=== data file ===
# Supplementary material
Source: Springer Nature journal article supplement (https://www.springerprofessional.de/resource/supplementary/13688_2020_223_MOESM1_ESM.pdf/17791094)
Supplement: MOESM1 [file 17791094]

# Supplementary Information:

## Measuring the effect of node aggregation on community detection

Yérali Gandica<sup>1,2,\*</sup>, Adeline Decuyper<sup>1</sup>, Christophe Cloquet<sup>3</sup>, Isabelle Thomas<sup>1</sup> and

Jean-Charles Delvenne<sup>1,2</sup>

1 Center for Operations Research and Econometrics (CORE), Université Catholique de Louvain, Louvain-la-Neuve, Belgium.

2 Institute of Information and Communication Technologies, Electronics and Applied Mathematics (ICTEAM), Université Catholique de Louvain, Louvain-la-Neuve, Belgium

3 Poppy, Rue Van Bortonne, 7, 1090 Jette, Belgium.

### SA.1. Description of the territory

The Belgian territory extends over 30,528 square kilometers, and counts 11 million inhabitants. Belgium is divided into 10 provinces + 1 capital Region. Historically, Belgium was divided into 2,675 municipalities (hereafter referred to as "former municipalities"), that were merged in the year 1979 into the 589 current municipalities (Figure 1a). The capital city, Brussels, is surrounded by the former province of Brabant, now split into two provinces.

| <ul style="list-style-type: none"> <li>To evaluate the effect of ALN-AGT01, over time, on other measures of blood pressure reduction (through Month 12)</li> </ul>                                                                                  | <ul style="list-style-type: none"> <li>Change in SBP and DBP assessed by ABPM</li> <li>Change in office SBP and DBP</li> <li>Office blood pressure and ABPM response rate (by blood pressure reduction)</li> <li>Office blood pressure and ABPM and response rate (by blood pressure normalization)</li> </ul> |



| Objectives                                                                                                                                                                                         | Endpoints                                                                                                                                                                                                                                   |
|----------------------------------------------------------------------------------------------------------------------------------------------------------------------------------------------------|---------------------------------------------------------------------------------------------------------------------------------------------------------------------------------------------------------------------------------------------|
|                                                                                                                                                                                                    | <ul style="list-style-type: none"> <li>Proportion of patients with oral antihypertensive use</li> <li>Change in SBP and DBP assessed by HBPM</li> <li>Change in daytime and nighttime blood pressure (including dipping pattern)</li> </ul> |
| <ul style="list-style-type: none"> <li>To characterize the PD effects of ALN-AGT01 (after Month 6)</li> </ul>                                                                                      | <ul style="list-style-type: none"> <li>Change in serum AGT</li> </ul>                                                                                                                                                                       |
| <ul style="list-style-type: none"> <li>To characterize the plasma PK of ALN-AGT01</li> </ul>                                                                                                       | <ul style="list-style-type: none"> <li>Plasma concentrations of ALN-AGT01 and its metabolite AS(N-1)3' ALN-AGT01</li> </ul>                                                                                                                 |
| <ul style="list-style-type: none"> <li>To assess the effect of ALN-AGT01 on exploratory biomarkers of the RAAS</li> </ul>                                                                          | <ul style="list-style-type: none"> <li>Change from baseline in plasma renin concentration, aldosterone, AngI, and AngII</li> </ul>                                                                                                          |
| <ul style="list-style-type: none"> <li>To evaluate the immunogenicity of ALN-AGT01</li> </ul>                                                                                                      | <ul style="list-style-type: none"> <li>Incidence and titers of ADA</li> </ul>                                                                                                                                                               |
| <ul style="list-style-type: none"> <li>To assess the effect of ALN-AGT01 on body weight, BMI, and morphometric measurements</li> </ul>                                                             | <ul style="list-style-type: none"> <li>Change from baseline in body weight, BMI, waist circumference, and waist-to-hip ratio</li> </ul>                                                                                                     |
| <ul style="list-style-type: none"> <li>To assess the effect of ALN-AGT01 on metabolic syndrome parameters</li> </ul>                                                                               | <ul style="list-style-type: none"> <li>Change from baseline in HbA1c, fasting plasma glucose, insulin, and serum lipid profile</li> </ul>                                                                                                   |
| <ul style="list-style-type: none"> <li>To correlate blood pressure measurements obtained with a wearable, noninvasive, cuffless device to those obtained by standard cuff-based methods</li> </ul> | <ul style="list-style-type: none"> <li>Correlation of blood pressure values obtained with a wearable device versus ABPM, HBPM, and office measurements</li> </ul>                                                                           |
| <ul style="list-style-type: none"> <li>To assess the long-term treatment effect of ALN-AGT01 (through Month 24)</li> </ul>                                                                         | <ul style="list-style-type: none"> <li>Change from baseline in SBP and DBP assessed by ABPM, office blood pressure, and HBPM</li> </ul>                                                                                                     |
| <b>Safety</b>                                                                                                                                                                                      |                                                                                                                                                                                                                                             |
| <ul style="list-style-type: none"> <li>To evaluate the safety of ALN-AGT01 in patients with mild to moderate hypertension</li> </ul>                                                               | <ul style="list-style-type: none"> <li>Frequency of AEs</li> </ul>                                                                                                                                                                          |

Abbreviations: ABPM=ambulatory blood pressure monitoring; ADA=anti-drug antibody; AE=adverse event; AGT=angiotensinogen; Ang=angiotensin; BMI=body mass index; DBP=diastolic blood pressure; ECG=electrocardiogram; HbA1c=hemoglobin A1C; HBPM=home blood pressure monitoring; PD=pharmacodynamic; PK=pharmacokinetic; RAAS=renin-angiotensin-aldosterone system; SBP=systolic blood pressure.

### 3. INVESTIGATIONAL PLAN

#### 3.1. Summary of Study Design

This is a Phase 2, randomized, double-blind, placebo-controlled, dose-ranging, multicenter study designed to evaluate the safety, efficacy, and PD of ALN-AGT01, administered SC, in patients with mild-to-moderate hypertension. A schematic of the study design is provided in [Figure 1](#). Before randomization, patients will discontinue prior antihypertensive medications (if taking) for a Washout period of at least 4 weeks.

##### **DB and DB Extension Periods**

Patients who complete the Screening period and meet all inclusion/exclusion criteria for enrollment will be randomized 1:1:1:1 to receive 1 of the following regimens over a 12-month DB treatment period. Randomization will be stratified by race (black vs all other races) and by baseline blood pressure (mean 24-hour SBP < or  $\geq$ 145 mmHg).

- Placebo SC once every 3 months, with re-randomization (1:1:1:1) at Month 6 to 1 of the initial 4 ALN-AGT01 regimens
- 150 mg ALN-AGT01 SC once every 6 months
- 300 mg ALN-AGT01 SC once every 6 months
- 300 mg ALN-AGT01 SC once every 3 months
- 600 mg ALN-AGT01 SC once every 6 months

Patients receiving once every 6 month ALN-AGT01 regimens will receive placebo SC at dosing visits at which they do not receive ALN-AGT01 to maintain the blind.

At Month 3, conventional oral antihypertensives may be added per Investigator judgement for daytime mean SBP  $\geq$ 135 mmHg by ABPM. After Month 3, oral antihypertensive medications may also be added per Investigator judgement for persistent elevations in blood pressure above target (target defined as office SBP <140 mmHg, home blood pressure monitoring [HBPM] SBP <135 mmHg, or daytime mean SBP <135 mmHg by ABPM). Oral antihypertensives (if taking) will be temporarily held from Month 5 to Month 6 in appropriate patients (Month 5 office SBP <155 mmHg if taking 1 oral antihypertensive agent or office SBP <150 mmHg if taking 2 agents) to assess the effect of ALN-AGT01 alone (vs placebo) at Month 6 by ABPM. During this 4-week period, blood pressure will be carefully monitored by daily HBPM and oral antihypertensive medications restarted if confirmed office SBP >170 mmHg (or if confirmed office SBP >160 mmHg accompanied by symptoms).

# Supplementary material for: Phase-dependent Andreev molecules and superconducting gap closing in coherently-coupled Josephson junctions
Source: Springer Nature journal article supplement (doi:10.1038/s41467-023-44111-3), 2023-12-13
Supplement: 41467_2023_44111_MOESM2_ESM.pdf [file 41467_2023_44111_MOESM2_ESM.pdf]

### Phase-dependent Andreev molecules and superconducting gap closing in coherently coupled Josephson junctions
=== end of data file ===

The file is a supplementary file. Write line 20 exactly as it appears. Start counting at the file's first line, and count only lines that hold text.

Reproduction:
| <ul style="list-style-type: none"> <li>To evaluate the immunogenicity of ALN-AGT01</li> </ul>                                                                                                      | <ul style="list-style-type: none"> <li>Incidence and titers of ADA</li> </ul>                                                                                                                                                               |